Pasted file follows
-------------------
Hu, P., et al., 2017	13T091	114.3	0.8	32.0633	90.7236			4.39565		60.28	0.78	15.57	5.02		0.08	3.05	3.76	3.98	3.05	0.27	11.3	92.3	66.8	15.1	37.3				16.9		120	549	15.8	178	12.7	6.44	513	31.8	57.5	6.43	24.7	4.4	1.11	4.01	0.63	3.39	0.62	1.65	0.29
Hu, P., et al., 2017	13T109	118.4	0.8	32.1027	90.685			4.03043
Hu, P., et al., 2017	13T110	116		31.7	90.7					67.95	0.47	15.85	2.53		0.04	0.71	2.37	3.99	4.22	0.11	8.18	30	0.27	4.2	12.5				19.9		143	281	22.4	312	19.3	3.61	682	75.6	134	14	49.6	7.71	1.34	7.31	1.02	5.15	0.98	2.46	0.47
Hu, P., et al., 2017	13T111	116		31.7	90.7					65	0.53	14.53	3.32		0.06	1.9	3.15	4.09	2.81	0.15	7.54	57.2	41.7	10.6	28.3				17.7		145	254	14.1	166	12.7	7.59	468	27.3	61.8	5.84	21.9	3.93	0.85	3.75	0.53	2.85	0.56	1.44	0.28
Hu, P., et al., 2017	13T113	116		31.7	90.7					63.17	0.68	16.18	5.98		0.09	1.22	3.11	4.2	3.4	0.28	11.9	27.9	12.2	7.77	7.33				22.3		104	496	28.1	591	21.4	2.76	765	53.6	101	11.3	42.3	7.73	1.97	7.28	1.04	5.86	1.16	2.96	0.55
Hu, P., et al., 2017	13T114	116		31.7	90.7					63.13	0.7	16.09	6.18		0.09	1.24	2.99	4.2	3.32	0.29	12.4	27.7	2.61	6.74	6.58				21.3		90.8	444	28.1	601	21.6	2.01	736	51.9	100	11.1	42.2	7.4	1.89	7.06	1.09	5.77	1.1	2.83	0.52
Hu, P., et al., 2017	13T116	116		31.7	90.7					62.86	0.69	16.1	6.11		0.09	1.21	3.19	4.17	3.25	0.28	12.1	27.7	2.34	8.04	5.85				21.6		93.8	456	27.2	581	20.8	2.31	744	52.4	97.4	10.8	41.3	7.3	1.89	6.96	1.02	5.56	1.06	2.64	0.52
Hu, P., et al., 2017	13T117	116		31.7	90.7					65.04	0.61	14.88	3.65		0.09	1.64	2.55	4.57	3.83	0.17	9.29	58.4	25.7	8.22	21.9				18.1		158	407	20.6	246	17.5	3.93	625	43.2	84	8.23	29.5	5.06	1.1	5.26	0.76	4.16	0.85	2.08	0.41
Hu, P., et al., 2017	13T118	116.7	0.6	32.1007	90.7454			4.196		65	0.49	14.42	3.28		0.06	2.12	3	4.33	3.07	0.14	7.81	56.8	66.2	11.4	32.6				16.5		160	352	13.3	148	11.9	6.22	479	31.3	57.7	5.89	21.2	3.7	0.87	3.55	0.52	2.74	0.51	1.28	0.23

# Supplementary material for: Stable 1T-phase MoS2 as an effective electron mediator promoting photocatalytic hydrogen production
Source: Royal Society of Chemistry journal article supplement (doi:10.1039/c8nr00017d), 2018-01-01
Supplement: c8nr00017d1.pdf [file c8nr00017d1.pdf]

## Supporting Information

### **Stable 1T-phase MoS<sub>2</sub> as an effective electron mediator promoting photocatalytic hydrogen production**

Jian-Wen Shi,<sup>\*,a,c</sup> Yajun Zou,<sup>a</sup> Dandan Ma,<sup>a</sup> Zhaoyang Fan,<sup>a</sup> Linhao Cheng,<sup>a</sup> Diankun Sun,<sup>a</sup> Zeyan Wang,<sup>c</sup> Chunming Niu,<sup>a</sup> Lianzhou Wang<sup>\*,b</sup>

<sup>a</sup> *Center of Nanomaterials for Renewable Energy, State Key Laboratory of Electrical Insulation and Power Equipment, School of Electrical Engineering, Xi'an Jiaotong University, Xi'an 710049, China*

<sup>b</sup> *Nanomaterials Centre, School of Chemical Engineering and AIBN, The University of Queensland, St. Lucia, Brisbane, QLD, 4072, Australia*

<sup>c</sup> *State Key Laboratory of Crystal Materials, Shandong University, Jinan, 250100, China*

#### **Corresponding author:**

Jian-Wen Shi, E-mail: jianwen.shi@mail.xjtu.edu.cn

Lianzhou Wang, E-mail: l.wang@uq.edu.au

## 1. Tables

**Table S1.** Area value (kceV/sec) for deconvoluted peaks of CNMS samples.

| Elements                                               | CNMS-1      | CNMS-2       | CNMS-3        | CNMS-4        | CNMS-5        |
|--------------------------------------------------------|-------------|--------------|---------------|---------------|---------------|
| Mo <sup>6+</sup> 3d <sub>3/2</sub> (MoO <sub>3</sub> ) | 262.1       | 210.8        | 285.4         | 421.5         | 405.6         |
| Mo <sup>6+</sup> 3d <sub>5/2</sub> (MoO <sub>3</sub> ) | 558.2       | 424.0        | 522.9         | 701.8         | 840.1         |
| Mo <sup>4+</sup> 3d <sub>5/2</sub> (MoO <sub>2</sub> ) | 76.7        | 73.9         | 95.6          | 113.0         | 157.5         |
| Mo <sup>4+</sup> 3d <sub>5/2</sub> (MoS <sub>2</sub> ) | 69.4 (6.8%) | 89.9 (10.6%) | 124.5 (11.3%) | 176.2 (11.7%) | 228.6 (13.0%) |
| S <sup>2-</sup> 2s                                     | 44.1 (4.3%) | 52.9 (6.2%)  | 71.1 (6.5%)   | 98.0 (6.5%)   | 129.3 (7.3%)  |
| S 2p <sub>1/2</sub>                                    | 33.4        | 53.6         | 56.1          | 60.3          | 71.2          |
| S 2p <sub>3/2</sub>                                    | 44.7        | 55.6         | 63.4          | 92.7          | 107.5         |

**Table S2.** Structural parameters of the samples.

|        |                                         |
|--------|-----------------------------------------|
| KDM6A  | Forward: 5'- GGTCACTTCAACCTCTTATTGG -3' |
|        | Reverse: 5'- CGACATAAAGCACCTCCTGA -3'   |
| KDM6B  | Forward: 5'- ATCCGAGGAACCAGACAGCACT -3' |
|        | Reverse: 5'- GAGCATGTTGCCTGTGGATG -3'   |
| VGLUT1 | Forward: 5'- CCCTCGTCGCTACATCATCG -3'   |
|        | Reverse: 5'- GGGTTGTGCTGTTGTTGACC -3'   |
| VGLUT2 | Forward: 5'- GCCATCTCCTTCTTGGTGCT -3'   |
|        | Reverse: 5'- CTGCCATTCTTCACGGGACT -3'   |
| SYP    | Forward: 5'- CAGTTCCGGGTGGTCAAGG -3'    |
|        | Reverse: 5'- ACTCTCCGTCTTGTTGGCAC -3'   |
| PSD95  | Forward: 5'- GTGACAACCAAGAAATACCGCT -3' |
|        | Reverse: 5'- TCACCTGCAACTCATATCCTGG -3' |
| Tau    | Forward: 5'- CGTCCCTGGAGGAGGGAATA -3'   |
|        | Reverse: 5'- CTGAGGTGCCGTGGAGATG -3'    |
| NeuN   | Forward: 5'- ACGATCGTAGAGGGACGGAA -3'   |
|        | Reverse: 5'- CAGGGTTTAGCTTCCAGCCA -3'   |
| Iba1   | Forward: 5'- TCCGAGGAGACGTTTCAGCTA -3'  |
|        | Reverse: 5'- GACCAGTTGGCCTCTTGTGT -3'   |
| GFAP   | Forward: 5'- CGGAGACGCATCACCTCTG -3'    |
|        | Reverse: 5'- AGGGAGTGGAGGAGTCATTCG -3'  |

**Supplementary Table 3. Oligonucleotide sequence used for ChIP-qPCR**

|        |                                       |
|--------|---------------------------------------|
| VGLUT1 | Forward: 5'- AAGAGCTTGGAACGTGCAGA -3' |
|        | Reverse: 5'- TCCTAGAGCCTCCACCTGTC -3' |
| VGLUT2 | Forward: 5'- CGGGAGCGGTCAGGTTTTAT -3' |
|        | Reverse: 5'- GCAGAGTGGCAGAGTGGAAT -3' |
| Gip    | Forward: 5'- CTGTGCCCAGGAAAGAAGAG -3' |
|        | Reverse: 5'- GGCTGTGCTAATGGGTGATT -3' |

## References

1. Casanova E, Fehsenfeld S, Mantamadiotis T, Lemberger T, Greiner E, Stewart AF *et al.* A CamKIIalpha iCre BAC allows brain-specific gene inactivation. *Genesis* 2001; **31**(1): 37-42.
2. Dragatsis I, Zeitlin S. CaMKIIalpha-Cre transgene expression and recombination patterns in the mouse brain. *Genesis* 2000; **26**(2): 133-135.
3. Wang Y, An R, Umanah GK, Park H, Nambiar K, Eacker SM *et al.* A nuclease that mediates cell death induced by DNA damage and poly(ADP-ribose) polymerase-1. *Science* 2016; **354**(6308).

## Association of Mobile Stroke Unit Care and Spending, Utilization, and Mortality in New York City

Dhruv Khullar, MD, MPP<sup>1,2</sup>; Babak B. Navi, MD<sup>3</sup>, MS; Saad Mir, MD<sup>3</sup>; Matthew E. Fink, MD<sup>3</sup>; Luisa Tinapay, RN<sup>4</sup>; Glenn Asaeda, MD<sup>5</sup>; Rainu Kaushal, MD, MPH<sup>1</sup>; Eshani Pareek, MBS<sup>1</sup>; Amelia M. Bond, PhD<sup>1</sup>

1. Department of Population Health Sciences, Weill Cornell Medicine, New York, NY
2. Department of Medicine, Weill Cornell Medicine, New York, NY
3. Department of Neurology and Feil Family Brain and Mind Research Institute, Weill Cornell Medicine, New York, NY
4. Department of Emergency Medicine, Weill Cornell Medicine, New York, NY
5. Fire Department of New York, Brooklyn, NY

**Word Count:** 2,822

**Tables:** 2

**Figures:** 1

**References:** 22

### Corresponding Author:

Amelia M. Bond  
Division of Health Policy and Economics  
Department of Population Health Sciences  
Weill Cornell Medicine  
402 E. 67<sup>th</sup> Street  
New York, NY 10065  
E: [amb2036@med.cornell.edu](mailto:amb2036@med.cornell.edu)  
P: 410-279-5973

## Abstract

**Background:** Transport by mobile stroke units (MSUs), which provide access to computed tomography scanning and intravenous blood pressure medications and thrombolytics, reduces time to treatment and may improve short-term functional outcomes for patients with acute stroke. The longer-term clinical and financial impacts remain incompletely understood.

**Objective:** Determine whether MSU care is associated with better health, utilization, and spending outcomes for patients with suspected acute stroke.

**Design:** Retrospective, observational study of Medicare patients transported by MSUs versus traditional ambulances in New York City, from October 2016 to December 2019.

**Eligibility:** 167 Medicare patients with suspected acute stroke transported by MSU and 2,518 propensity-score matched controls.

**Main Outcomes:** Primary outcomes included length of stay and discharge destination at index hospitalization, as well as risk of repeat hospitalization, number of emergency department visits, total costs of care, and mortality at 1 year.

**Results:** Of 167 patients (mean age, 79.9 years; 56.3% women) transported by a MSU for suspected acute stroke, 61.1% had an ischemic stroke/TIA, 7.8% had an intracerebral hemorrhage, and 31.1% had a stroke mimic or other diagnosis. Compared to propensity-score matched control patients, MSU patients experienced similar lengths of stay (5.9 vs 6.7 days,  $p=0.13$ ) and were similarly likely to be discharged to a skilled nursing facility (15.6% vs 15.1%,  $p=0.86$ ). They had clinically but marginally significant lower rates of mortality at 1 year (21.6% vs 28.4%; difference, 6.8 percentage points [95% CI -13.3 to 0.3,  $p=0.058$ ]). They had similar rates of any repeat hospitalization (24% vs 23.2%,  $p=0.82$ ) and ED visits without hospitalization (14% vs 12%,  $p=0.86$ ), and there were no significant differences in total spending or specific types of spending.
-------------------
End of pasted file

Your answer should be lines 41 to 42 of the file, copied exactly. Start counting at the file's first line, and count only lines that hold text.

|        | Reverse: 5'- GGGTTGTGCTGTTGTTGACC -3'   |
| VGLUT2 | Forward: 5'- GCCATCTCCTTCTTGGTGCT -3'   |